Last month, five families sued the crime-scene cleanup company Aftermath Inc. and three of its north Texas employees. Three families had hired Aftermath to clean up after the suicide of a loved one, while the two others brought in the company after their family members were found dead several days after decomposition began.
In their suit, all of them claimed the trio of Texas cleaners deceived them about the cost of Aftermath's services, charged them for hours in which they worked for 15 minutes and sat around for 45, and hit them with staggeringly high final bills. FOX-DFW recently reported that the Texas Attorney General is also looking into the allegations.
Now Aftermath has filed a response to the lawsuit, denying that they defrauded the families. They're also counter-suing for breach of contract, asking for the original cleaning fees in full. In all, those fees amount to more than $125,000, with each family being charged between $16,000 and $30,000 apiece for one to three days of cleaning.
In their original lawsuit, the families claimed that they were quoted prices that turned out to be "300 percent to 1,000 percent" lower than their final bill. Aftermath denies that, but doesn't provide any documentation of the original quotes the company provided.
Instead, the company's counter-claim includes copies of the final invoices the families received. In each of them, the families were billed for between $2,000 and $5,000 worth of cleaning supplies, plus equipment and machinery, a separate $475 "job set-up and preparation fee," and a $75 "certificate of service," among other charges.
Aftermath is asking that the original cleaning fees be paid with interest, plus attorney fees and court costs. We called to get an explanation of some of the charges on the invoice, and will update accordingly.
Update, 9:00 a.m.: Laura McGowan, a spokesperson for Aftermath, called us to talk about the lawsuit and the company's business practices. "[The plaintiffs] claims are so non-specific. We're asking for clarification and we counter-sued," she says.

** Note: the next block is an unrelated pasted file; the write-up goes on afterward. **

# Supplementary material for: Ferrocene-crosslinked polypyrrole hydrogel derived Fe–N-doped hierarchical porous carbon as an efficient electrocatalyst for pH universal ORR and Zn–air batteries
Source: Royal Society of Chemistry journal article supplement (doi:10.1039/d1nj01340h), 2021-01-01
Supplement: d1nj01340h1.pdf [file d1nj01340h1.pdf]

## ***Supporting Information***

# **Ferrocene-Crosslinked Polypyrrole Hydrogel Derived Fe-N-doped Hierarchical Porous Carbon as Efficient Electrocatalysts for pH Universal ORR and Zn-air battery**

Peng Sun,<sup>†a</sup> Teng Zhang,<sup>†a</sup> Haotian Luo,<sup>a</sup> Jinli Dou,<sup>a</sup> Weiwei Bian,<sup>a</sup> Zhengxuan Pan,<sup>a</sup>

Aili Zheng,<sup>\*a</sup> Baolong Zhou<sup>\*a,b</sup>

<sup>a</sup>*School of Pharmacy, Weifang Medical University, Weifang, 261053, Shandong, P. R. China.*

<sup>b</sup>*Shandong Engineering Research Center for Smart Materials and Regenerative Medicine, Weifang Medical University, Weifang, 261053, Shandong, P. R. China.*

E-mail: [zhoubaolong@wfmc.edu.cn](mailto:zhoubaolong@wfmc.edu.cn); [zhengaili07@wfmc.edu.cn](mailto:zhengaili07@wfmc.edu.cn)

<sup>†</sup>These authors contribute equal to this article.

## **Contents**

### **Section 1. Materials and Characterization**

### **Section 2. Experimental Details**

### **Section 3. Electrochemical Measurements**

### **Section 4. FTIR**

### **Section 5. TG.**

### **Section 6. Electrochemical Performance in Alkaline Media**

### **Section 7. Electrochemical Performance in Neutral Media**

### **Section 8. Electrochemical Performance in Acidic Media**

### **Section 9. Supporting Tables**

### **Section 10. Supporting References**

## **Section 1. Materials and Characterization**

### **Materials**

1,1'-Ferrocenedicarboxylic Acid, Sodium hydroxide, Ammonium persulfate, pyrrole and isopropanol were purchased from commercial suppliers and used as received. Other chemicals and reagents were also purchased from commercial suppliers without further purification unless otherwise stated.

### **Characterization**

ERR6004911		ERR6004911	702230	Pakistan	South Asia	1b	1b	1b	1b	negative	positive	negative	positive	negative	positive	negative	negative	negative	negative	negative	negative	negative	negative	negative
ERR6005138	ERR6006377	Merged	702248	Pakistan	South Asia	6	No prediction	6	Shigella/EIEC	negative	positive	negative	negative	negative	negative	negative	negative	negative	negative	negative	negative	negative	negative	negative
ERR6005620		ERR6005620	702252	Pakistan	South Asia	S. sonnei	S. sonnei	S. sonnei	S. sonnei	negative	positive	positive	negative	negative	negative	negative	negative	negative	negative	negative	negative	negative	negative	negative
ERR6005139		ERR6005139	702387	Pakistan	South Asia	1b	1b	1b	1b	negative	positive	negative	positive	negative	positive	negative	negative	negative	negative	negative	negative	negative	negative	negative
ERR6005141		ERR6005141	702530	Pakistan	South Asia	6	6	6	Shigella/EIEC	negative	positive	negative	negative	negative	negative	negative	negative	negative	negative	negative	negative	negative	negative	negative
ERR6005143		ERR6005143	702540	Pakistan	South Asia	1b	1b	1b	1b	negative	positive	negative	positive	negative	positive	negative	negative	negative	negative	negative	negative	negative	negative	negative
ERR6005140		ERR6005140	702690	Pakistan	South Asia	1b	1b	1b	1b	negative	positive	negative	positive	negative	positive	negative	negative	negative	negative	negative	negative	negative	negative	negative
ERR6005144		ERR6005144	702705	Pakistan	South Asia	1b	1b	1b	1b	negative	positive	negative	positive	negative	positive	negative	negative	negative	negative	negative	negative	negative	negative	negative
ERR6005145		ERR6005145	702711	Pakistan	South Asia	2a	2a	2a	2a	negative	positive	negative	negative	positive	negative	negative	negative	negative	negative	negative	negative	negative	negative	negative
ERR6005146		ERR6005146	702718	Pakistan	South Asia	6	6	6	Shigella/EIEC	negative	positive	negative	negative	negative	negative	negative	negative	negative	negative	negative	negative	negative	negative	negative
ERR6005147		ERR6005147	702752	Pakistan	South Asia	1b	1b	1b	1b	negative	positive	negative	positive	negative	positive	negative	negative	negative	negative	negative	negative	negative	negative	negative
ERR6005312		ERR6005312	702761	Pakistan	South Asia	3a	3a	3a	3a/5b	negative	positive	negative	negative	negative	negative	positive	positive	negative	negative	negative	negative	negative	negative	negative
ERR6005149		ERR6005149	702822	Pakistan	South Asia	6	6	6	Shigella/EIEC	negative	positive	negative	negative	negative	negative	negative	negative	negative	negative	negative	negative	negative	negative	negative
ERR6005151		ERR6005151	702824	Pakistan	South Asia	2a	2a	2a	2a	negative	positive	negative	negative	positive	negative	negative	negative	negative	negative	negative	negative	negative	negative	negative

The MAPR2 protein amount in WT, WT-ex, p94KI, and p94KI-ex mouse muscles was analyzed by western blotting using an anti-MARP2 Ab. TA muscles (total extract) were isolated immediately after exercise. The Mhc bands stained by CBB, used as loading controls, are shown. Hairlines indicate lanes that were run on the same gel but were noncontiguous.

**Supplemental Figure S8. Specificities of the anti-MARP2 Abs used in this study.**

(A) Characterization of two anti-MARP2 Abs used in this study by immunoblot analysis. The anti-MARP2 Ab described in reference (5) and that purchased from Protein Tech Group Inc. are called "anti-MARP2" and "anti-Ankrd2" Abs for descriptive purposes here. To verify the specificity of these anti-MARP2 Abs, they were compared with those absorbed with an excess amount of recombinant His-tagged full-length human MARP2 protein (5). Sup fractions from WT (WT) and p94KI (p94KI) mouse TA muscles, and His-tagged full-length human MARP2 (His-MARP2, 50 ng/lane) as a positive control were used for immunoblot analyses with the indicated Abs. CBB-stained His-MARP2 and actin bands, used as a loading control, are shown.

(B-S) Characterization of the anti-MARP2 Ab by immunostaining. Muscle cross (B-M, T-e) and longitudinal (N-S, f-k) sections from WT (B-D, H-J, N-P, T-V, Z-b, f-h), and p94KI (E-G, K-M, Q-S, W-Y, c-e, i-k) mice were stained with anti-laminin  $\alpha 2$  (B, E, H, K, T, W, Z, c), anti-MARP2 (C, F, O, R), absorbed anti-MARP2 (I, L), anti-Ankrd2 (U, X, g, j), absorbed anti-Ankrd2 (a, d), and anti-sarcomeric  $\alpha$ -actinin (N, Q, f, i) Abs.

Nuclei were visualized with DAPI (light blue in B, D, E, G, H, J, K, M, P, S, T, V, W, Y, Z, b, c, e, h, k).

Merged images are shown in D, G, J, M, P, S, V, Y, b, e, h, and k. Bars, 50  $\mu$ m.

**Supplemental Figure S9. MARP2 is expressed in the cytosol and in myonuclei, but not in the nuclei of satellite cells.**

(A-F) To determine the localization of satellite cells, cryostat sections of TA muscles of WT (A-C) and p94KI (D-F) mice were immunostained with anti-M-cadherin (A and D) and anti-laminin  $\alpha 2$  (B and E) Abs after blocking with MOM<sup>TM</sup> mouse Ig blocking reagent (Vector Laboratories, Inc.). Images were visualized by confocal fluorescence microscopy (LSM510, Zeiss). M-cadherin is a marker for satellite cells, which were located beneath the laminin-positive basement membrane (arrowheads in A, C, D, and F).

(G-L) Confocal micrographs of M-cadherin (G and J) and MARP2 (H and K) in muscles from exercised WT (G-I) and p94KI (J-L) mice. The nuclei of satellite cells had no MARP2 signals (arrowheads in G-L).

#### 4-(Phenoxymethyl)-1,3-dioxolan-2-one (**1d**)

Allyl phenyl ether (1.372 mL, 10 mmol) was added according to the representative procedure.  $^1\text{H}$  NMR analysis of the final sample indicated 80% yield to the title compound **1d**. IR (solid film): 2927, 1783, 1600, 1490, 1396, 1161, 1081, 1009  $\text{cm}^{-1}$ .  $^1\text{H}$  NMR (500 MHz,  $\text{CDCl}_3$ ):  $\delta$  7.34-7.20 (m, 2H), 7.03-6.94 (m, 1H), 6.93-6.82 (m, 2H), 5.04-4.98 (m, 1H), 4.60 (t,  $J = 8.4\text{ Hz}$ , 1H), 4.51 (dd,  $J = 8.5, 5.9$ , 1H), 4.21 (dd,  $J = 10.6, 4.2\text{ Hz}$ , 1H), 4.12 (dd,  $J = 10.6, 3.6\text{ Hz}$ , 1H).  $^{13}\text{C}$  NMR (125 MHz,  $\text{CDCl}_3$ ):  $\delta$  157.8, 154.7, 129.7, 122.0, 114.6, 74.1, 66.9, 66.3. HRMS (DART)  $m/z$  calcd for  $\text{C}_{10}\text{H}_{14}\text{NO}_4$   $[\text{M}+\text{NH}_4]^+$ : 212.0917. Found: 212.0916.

McGowan adds that although the supplies used aren't itemized on the invoice, "we have detailed records" of what they are.
"This is truly not just cleaning," she says of Aftermath's services. "This is bio-hazard remediation. It's not just a mop and bucket operation." At times, she says, Aftermath has been called in to clean up after "more traditional cleaning companies" left "lingering odors, body fluids, even stains that have come back. It's truly a health hazard... We're more EPA than Merry Maids."
McGowan says it's Aftermath's policy to update clients on what the cleaning crews have been discovered and to update the cost estimate accordingly. "Every two hours, we give updates of where we're at and what we've discovered. No two scenes are alike... Especially down in Texas, things can be hot. Body fluids and things like that can be accelerated."
Finally, McGowan says that the "vast majority" of the company's customers pay "$500 out of pocket" for cleaning, and that insurance usually pays for the rest (although those claims have been denied for the plaintiffs in this case.) Of the Texas Attorney General's investigation, she says, "We welcome additional scrutiny to this industry. If more people were held to a higher standard, this wouldn't be an issue... You've got people out there slapping a magnet on the side of a truck and saying that they do this job."
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